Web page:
FIG. 2 shows the example of a torque buffer with three strand windings which are angularly offset by 120° in respect of one another. The rotor 31 has permanent magnet poles 33 and a number of pairs of poles equal to 1. If the strand windings 27 are energized with three-phase current, the magnetic field generated thereby rotates at the same frequency as the alternating current. By "freezing" the currents in a phase position of the polyphase current at any given moment, a stationary field can be generated with an angular position relative to the stator 25 which is determined by the phase position.
If a stationary magnetic field and a rotor with one pair of poles are used, then in accordance with the principles explained hereinabove, the fluctuations in driving torque occasioned by the firing sequence in a two cylinder four-stroke engine or a single cylinder two-stroke engine are self-compensating. To compensate for the irregularity of a single cylinder four-stroke engine, the magnetic field in the arrangement shown in FIG. 2 must rotate in the same direction as the rotor but at half the engine speed. If the magnetic field in the arrangement in FIG. 2 rotates at the same speed as the engine but against the direction of rotation of the rotor, then irregularities in a four cylinder four-stroke engine or a two cylinder two-stroke engine become self-compensating.
The choice of larger numbers of pairs of poles makes it possible to compensate for irregularities in internal combustion engines having a greater number of cylinders. For a four cylinder four-stroke engine, then, a stationary magnetic field can be used. Irregularities in a five cylinder four-stroke engine can be compensated for when using a rotor with five pairs of poles if the magnetic field of the stator rotates at half the engine speed and in the same direction as the rotor.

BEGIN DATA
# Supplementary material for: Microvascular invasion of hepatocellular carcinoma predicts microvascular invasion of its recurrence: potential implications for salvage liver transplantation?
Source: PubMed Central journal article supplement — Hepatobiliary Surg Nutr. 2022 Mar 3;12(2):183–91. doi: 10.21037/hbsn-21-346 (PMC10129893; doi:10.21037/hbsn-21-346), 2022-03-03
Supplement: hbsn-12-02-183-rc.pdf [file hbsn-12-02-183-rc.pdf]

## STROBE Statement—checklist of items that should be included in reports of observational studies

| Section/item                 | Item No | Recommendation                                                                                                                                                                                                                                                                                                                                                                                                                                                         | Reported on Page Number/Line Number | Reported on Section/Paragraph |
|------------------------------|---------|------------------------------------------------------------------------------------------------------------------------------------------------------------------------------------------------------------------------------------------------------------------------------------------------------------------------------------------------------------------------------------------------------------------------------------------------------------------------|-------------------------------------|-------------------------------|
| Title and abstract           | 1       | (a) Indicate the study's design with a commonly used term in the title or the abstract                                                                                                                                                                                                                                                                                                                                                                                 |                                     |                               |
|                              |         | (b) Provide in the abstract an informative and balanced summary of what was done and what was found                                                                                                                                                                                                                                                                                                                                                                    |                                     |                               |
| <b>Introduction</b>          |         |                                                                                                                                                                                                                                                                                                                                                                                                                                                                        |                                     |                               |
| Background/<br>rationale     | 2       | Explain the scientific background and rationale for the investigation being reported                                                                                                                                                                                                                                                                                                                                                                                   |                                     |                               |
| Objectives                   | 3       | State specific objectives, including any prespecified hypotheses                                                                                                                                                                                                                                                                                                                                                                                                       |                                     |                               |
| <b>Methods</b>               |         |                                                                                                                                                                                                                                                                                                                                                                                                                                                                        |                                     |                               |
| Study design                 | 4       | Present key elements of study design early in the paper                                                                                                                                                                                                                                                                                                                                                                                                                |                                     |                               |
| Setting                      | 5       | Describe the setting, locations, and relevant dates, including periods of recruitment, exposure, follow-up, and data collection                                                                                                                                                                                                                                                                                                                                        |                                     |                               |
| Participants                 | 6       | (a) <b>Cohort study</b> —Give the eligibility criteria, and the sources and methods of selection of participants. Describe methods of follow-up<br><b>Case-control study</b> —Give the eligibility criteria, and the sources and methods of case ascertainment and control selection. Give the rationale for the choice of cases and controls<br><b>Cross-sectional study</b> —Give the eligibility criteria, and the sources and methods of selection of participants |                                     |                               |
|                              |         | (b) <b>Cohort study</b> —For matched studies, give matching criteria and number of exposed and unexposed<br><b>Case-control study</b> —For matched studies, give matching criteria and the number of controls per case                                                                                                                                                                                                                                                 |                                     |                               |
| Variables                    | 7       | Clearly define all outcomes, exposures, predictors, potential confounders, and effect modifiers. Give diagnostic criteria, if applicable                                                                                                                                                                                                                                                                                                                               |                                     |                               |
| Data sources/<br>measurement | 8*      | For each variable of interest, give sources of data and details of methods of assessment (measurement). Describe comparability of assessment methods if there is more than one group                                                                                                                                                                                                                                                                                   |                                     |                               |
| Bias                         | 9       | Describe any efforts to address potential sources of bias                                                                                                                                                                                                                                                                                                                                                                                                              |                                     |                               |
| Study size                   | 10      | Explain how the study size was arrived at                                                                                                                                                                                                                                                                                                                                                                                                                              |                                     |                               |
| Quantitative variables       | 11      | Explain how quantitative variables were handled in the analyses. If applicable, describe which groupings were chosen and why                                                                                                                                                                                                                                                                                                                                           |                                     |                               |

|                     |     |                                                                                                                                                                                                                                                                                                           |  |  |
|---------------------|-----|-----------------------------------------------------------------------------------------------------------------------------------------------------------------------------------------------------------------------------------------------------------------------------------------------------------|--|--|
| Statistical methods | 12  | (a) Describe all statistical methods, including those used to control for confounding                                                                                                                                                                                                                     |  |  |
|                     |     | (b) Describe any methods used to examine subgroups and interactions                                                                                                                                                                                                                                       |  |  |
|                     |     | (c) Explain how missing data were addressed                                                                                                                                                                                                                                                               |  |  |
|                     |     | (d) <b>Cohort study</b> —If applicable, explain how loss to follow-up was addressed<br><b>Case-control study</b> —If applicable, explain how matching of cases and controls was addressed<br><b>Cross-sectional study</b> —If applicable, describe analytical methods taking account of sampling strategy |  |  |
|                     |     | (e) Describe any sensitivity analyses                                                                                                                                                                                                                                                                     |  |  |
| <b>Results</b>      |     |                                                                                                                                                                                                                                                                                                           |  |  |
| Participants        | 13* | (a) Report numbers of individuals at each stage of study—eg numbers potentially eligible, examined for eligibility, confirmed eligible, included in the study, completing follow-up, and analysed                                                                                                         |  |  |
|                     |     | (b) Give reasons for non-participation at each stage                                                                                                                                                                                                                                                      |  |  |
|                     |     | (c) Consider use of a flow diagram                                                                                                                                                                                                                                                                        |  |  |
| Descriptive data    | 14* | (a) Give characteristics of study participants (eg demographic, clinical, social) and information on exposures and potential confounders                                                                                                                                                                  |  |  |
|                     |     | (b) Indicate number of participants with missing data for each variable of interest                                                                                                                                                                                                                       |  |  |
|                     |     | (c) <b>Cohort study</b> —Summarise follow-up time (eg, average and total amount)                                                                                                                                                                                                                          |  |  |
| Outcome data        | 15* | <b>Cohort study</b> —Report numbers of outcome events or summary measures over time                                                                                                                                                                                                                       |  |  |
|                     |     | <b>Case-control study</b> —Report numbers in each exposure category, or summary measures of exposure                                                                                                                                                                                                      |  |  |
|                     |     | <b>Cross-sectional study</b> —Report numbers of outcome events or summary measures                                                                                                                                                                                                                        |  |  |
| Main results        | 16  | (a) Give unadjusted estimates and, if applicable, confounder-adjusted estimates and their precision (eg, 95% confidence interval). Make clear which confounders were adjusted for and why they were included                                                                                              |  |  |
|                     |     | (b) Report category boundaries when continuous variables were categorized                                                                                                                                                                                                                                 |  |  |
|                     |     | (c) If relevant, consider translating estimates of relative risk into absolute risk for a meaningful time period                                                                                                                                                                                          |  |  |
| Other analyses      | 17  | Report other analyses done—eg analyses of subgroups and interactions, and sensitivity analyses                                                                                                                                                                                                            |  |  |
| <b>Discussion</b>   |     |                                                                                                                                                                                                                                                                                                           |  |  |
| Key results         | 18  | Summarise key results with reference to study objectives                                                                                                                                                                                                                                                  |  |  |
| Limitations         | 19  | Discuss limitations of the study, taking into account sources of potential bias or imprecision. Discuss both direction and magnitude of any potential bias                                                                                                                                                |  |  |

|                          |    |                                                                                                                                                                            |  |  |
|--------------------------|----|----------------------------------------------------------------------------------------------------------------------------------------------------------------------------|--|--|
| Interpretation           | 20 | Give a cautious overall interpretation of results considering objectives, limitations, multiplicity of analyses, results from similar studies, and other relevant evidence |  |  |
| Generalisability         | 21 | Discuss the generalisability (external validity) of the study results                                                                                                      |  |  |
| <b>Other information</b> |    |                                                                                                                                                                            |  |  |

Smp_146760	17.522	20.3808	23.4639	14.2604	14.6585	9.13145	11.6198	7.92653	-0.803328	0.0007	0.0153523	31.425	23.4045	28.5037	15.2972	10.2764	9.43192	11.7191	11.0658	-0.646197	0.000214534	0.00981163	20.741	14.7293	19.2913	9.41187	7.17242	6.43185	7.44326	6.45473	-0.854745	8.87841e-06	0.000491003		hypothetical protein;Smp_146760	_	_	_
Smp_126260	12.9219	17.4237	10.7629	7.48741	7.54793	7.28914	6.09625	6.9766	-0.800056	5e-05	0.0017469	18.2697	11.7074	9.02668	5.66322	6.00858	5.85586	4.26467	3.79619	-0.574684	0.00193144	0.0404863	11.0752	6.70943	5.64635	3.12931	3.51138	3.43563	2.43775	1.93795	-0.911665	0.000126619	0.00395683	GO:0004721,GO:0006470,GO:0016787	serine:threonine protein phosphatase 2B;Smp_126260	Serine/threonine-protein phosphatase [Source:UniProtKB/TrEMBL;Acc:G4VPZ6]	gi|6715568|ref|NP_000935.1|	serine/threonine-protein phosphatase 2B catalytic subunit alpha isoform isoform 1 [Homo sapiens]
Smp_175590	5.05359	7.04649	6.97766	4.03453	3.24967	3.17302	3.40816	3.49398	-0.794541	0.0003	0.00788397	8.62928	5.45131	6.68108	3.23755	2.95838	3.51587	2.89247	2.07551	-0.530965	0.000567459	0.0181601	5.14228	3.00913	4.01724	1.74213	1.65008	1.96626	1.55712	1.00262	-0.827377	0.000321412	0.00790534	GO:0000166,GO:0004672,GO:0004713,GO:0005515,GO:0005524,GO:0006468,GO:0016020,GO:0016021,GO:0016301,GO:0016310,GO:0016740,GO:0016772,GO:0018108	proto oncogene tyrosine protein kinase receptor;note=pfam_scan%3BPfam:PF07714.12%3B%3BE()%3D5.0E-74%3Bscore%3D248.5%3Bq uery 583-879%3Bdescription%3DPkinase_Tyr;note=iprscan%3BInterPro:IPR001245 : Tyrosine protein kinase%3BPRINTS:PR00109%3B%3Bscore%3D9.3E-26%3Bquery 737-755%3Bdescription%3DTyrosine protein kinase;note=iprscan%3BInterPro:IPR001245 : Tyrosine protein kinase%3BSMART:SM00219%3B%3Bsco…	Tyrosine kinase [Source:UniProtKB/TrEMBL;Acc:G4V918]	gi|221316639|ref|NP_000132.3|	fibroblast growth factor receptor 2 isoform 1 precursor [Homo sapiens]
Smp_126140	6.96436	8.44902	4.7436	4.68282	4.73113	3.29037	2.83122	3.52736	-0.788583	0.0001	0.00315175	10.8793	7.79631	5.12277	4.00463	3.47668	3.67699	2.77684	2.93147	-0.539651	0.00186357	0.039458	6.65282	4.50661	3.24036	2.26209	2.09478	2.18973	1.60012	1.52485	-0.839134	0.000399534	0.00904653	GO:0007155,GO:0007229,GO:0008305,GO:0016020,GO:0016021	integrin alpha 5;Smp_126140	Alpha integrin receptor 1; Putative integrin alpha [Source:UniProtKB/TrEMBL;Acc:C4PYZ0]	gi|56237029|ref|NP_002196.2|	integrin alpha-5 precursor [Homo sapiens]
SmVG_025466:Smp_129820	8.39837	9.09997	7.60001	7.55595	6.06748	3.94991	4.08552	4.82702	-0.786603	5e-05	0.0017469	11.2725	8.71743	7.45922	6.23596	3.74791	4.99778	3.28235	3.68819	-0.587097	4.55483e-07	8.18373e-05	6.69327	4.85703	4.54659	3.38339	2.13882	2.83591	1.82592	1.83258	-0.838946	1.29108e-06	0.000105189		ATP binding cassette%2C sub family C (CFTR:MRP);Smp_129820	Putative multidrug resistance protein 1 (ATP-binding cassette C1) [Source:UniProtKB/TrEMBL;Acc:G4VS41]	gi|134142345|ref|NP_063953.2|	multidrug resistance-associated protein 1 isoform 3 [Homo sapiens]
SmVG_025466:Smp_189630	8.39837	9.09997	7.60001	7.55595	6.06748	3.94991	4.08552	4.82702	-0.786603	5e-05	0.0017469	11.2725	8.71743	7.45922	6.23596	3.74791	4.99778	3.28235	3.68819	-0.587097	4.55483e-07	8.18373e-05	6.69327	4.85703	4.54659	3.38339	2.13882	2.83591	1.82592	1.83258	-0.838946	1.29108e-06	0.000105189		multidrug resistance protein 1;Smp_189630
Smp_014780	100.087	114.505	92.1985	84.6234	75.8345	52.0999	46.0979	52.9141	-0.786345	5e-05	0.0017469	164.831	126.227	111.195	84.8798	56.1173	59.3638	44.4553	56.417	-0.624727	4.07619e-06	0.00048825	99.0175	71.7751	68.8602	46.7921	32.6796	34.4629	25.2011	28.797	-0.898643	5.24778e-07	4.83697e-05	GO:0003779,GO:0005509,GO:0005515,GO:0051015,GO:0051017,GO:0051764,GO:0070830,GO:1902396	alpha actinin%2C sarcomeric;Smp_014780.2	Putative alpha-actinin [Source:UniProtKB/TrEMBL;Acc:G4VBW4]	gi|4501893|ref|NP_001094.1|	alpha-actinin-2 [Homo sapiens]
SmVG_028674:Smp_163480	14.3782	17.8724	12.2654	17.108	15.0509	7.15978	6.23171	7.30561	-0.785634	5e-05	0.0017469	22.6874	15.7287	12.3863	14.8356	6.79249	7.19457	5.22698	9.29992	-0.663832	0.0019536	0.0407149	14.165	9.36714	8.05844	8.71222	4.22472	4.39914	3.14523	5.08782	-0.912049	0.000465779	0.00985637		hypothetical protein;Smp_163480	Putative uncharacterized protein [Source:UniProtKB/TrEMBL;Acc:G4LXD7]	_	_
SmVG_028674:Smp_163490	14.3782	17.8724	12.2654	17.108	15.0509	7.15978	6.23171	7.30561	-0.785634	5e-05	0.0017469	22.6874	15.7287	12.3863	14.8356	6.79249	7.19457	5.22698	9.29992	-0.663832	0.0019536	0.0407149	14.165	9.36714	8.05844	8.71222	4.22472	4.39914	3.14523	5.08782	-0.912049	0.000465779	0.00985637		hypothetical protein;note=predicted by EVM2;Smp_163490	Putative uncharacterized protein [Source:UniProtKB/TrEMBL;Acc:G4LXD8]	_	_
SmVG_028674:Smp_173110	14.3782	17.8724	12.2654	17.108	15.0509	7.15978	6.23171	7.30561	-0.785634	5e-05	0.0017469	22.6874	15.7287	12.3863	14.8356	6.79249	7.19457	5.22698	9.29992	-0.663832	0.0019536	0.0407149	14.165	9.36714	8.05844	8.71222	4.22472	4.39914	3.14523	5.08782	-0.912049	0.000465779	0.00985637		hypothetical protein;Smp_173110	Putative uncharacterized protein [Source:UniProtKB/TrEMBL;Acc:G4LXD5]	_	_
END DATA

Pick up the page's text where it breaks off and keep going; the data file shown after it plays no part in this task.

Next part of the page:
In the example of embodiment shown in FIG. 2, the poles 33 of the rotor 31 are constructed as permanently magnetic poles. In order to enhance excitation, the poles of the rotor can however also be provided with externally energized rotor windings. In order to save on slip rings or the like for the external excitation of the rotor winding, it is possible as shown in FIG. 1 for the rotor 31 to be provided not only with the rotor winding 51 but with a generator winding 53 to which the rotor winding 51 is connected via a rectifier 55. The energizing current generated by the generator winding 53 upon rotation of the rotor 31 feeds the rotor winding 51.
The gyrating mass of the rotor 31 which is connected to the input shaft 7 of the gearbox 11 can in unfavorable cases impair the speed changing facility of the gearbox 11. To prevent this, the rotor 31 is uncoupled from the input shaft while the gears are being changed in the gearbox 11. The rotor 31 is fitted onto a clutch cone 57 mounted on the input shaft 7 and is adapted for axial movement so that it can be moved between a position in which it is lifted off the clutch cone 57 and a position in which it is frictionally seated on the clutch cone 57. In the disengaged position, the rotor 31 is axially offset in relation to the stator 25 so that upon excitation of the winding arrangement 29 of the stator 25, it is drawn into the stator 25 and towards the clutch cone 57. Associated with the shift lever 9 is a sensor 59 which responds to actuation of the shift lever 9 and interrupts excitation of the winding arrangement 29 of the stator 25 during the gear changing operation. Therefore, the rotor 31 is disengaged from the gearbox input shaft during the gear changing process.
While specific embodiments of the invention have been shown and described in detail to illustrate the application of the inventive principles, it will be understood that the invention may be embodied otherwise without departing from such principles.
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|U.S. Classification||310/51, 464/180, 310/92, 123/192.1|
|Cooperative Classification||B60K17/22, Y10T464/50|
|Jul 22, 1996||FPAY||Fee payment|
Year of fee payment: 4
|Jul 21, 2000||FPAY||Fee payment|
Year of fee payment: 8
|Aug 25, 2004||REMI||Maintenance fee reminder mailed|
|Feb 9, 2005||LAPS||Lapse for failure to pay maintenance fees|
|Apr 5, 2005||FP||Expired due to failure to pay maintenance fee|
Effective date: 20050209